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pharmacology

QuestionAnswer
phamacology is the study of source, nature, chemistry preparation, uses, actions and properties of drugs and their effects on living organisms
pharamaceuticals also called medicines, drugs, medical drugs
medical drugs are used to prevent, diagnose and treat diseases and to relieve pain
drugs a substance or biologic that can affect the structure or function of the budy and is maintained by an official pharmacopoeia or formulary
official pharmacopoeia a database or compilation describing drugs chemicals, and medicinal preparations
official pharmacopoeia is maintained by a governing body or organazational body such as American Hospital formulary service published by american society of hospital pharmacists
The study of pharmaceuticals is divided into what categories medicinal chemistry chemotherapy toxicology pharmacokinetics pharmacodynamics molecular pharmacology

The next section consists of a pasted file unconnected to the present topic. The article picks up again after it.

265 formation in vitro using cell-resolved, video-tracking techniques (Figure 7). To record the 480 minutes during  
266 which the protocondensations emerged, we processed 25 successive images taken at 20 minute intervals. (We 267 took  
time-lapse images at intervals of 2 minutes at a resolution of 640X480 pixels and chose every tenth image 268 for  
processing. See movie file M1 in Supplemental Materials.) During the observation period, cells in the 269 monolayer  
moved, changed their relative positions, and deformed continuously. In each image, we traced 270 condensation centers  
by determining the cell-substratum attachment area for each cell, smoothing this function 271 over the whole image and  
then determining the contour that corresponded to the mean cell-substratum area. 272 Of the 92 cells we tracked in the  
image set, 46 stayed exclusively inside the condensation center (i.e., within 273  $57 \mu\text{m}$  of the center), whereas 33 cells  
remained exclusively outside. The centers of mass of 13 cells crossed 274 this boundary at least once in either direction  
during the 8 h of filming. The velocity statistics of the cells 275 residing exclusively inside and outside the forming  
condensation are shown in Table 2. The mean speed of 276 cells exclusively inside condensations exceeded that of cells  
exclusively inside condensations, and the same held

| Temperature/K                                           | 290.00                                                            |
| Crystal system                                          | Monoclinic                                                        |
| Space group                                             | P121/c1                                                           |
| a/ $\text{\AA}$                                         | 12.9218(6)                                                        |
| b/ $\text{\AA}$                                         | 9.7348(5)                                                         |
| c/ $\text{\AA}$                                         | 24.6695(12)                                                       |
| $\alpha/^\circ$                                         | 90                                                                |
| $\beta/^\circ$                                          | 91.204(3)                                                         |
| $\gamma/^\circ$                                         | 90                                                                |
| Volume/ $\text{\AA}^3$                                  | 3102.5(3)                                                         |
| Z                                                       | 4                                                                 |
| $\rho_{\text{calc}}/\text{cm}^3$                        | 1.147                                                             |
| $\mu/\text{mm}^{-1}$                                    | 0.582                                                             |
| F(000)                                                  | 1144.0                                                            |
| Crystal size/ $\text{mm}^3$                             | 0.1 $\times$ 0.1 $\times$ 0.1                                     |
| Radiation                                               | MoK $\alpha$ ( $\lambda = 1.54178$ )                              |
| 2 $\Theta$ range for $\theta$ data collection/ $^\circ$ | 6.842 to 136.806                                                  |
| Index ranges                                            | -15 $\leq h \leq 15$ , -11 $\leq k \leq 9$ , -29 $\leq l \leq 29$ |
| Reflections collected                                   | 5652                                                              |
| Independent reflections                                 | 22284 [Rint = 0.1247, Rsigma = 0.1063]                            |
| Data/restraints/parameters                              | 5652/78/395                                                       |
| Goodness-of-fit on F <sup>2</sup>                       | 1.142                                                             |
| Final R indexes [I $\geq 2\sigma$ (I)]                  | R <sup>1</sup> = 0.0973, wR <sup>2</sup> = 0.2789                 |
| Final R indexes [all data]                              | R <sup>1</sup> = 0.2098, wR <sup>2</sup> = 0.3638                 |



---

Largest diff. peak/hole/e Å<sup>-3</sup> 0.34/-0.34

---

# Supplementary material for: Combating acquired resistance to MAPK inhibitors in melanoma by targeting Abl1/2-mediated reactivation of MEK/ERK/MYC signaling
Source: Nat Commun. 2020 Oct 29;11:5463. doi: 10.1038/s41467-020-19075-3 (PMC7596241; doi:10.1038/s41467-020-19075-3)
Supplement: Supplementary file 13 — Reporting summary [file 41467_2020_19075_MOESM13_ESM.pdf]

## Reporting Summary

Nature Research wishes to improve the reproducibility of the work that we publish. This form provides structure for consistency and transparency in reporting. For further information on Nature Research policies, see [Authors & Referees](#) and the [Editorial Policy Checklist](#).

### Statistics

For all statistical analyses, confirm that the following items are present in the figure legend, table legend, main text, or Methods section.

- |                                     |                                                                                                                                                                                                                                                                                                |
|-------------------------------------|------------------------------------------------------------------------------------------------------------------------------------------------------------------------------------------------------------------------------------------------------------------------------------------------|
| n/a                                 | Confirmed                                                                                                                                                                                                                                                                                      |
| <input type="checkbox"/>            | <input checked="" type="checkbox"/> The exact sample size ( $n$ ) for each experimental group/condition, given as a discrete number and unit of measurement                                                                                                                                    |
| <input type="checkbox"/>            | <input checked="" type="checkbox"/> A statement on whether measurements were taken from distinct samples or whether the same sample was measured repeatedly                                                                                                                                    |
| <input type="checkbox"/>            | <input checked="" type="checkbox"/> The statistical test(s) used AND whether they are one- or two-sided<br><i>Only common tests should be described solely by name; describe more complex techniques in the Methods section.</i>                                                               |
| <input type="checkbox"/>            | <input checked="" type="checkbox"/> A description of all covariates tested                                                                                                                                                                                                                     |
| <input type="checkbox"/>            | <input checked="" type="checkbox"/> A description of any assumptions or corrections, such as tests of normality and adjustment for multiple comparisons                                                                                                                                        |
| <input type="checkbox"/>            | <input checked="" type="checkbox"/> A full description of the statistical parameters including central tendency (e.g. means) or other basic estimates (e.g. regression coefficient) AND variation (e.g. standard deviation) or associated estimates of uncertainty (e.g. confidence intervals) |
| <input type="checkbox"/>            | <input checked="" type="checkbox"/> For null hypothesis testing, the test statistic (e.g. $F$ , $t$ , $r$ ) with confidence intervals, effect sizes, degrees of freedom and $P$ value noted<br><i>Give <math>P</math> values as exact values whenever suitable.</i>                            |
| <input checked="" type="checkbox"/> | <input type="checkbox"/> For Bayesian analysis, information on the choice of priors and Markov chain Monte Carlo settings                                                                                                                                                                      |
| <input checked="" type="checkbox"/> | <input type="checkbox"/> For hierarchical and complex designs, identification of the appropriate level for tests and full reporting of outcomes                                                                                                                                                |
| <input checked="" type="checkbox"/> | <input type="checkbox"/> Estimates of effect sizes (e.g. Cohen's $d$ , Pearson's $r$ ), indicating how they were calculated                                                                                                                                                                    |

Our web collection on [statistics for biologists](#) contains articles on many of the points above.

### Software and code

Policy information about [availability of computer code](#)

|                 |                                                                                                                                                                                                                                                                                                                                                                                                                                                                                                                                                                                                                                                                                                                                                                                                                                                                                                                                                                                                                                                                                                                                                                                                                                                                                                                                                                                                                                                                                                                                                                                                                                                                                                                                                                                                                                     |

medicinal chemistry is new drug syntheses
chemotherapy drugs that destroy micro organisms, parasites, or malignant cells
toxicology study of harmful effects of drugs and chemicals on the body
pharmacokinetics mathematical description of drug disposition overtime
pharmacodynamics study of drug effects on the body including bodily absorption, distribution, metabolism and excretion of drugs
molecular pharmacology interaction of drugs and subcellular entities
Name of the admisistration that regulates decisions to allow sale and distribution of medications US Food and Drug Administration FDA.
the FDA regulates sale of what medicines sold with a prescription, behind the counter and over the counter OTC
All drugs have three names chemical generic brand or trade
chemical name specifies the chemical molecular or elemental makeup of the drug. Rarely used.